Saturday, September 22, 2018


Indy Lights: Telitz takes persistence to new level

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The 2018 motorsports season has begun, and it is do-or-die time for Aaron Telitz. 

A native of Birchwood and former UW-Eau Claire student, Telitz is now 26 and knows the clock is ticking. He races in the Mazda Road to Indy series in Indy Lights — just one step in the three-rung ladder system below IndyCar, the very pinnacle of open wheel, open cockpit racing in North America. 

The Indianapolis 500, arguably the most recognizable race in the world, was made famous by IndyCar. For over 100 years, these sleek rocket ships have been piloted by daring men and women. Most have lived to tell about it — but some have died trying.

The allure of IndyCar and the 500 has Telitz back in Indy Lights for a second year. The season champion will win a $1 million scholarship to advance to IndyCar and race in the “Greatest Spectacle in Racing” in 2019. It is the dream that drives Aaron Telitz and others.

After setting the track record during qualifying for an Indy Lights car at the season opener on the city streets of St. Petersburg, Fla., two weeks ago, Telitz destroyed the car in a heavy crash only hours from the start of the first race of a two-day doubleheader. 

“If you want to be fast at a street course, you need to get an inch or less away from the corner walls,” Telitz said. “I got the entry to a turn a little bit wrong and hit the outside wall at 130 mph.”

The car was not repairable in time for the first race — and probably not for the second race too. Repair costs come out of Telitz’s own pocket. Race cars are ridiculously expensive. His income consists of working at a golf course in Minneapolis — barely enough to get by, let alone buy another car. His team owner, Milwaukee’s Brian Belardi, found a used car in a shop four hours from St. Petersburg, bought it and the team repaired it in time for the second race. Telitz pondered his next move.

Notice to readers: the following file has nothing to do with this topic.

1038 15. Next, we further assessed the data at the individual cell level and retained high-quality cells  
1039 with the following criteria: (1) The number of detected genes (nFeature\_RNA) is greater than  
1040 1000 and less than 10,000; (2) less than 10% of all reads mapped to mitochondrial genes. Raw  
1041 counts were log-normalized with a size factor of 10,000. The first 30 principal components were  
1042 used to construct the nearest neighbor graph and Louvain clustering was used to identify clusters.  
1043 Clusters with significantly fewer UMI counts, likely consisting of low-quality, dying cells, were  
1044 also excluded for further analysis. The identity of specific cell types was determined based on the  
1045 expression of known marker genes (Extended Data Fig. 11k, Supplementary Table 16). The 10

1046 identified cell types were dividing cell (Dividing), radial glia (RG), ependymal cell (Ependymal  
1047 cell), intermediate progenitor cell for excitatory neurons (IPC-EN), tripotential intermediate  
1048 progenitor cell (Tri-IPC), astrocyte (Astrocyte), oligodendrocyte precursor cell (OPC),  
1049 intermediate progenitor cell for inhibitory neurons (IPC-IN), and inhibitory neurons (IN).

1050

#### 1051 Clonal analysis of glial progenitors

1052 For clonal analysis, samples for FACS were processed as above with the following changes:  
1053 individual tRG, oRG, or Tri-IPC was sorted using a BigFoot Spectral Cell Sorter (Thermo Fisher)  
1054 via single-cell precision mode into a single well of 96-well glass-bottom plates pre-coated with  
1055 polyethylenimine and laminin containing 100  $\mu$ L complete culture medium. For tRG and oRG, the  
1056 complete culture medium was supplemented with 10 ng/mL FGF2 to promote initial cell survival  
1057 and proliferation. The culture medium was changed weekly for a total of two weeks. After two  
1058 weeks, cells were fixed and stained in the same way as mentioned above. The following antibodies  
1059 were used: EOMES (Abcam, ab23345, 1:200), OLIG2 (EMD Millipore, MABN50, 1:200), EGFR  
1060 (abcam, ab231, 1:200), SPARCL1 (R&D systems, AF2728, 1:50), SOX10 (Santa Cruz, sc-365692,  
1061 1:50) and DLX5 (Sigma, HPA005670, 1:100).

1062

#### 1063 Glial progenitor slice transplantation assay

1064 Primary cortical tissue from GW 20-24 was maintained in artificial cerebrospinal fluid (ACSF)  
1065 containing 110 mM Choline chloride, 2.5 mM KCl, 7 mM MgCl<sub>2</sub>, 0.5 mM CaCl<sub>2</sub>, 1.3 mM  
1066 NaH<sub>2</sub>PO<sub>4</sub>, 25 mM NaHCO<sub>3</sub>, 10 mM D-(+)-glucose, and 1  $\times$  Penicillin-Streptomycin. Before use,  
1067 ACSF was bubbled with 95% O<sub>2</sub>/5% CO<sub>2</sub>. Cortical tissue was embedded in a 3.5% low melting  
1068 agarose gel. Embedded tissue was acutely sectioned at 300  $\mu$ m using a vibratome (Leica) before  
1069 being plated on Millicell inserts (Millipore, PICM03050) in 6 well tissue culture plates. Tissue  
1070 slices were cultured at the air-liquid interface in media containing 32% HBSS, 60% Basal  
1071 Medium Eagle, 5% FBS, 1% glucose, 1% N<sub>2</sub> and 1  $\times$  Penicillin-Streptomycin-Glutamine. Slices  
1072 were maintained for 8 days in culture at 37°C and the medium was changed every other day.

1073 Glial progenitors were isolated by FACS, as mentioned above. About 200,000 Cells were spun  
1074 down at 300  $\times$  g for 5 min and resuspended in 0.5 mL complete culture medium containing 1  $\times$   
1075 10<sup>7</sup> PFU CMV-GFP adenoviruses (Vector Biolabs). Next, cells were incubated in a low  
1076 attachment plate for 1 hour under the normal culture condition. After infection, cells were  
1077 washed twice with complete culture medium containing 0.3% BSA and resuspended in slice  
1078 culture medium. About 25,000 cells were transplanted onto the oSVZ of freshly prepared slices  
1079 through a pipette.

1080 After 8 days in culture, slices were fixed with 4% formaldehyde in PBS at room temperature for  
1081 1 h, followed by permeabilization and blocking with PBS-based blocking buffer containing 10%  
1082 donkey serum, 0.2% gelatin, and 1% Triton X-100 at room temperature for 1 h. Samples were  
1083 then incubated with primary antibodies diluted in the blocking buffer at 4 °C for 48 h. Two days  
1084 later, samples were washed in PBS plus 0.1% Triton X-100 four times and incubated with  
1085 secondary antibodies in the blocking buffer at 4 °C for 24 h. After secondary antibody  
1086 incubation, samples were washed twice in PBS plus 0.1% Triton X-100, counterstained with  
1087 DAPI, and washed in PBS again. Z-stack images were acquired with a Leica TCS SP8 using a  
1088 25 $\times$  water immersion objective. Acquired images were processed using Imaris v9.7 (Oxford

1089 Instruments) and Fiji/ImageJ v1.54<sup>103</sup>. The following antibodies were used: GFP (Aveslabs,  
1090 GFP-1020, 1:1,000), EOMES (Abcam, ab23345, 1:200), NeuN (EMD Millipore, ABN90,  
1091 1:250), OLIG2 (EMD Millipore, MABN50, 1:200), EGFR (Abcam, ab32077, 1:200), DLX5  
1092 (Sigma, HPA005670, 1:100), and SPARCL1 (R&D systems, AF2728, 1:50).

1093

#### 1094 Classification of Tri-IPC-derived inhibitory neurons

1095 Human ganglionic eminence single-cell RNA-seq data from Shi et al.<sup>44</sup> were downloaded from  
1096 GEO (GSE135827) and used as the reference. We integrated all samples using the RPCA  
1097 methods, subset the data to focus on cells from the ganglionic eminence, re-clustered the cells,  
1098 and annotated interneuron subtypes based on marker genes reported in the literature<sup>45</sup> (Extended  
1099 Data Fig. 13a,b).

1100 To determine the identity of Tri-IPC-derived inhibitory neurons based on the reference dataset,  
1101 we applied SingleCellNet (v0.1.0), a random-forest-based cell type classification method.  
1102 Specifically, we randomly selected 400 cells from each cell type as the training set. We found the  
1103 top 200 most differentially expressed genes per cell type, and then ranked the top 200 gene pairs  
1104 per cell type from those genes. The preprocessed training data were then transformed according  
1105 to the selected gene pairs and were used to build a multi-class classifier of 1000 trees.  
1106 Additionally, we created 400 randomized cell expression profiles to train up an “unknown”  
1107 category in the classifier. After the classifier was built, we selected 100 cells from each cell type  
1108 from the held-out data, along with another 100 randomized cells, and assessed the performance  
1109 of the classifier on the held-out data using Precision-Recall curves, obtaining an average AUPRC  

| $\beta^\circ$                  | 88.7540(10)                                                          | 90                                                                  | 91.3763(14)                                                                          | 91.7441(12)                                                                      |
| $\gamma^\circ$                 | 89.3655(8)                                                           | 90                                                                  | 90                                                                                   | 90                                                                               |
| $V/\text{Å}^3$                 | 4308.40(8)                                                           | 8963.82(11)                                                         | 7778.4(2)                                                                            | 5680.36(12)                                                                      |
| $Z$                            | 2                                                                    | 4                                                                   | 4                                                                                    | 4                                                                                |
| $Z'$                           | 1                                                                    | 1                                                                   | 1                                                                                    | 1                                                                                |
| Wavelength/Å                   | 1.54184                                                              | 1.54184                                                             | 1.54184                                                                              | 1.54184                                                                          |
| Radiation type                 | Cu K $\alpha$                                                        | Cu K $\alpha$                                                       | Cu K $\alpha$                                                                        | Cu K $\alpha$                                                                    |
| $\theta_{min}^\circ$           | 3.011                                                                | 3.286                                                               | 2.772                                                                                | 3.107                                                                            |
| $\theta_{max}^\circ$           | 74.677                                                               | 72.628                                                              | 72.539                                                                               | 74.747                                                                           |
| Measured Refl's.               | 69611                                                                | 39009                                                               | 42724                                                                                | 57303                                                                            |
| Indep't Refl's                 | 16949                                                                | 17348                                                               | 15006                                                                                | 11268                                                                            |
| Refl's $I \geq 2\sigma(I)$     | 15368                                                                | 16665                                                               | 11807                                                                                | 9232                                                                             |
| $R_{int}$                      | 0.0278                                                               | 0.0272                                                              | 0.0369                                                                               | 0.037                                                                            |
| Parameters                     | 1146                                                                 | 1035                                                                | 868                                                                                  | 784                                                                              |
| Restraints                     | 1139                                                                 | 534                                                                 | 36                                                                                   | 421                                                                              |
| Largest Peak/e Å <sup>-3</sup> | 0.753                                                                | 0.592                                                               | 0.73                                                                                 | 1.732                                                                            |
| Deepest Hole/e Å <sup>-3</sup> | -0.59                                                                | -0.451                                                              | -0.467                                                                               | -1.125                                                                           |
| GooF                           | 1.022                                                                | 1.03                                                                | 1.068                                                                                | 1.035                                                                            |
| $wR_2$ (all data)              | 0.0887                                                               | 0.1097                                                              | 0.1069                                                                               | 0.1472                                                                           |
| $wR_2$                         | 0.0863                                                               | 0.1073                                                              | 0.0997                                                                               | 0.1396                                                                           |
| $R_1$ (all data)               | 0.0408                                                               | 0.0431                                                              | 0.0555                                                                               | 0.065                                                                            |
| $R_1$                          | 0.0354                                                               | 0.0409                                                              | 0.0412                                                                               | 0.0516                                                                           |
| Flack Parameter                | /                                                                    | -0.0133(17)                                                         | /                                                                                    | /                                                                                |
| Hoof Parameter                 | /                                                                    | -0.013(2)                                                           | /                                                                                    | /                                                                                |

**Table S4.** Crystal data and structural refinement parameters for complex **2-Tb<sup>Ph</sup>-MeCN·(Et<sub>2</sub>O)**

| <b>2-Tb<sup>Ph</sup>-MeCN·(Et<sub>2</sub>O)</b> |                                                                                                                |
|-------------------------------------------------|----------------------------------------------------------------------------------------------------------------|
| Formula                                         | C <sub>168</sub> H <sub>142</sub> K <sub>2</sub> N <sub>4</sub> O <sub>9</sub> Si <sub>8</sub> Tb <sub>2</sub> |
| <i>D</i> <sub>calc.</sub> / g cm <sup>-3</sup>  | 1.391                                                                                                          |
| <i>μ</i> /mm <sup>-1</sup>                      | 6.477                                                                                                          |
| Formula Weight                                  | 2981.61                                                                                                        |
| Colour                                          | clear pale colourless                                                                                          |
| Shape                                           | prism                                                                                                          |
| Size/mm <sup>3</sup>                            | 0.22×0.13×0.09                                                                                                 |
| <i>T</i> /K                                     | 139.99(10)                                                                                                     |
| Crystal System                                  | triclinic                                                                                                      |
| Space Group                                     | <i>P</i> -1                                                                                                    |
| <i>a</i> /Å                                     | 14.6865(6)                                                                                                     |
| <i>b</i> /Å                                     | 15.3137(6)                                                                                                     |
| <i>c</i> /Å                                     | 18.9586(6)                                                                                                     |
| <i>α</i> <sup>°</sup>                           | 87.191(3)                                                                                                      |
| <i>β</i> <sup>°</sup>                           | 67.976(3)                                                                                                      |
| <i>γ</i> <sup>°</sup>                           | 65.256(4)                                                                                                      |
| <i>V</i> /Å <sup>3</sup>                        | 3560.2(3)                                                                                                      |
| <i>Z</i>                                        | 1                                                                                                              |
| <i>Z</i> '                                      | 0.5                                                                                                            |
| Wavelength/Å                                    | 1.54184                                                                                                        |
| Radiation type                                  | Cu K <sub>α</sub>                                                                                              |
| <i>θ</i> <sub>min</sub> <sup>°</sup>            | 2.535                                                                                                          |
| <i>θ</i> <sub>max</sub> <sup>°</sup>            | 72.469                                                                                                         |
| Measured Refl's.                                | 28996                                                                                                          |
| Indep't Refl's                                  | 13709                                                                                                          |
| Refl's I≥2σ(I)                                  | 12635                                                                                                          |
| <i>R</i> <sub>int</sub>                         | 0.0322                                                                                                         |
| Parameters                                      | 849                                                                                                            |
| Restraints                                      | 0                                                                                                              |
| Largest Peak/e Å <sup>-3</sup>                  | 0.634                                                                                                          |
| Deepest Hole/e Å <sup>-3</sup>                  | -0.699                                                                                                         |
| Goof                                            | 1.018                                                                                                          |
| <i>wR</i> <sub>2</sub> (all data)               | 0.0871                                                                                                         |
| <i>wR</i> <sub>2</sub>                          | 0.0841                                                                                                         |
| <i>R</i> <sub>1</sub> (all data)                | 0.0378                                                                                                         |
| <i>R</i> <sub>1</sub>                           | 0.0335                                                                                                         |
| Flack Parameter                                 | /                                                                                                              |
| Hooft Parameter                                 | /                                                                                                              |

“I’ll figure out how to pay for it later,” he said.

Missing the first race completely, the new car was put together in time for the second race the next day. Telitz started third. By Turn 3 of the very first lap, he was hit from behind by a rookie driver and smacked the wall hard — again. His day and weekend were over. Two cars. Two wrecks.

10 days later, his phone rang. An IndyCar team called and asked if he was available to test an Indy car — a real, honest-to-goodness Indy car — on the road course at Indianapolis. That Indianapolis. 

Telitz has developed a reputation as a competent, talented, mature driver and one who takes care of his equipment. He jumped at the chance to drive the fastest, perhaps most dangerous race car on the planet at the most prestigious race course in the world. And he excelled. 

“It was cold in the morning, but I would have gone out if it was 30 degrees if they let me,” he said. “It was a pile of fun.” 

The IndyCar team was suitably impressed.

Now, he must make up for a disastrous start to the Indy Lights season. He needs points — and more money. The season resumes in April on the road course at Barber Motorsports Park in Birmingham, Ala. Then he’s back to Indianapolis in May for three races in two weeks, including the Freedom 100 run just two days before the Indy cars race in the 102nd Indianapolis 500. 

What Aaron Telitz doesn’t need, however, is more talent. He has plenty of that right now.

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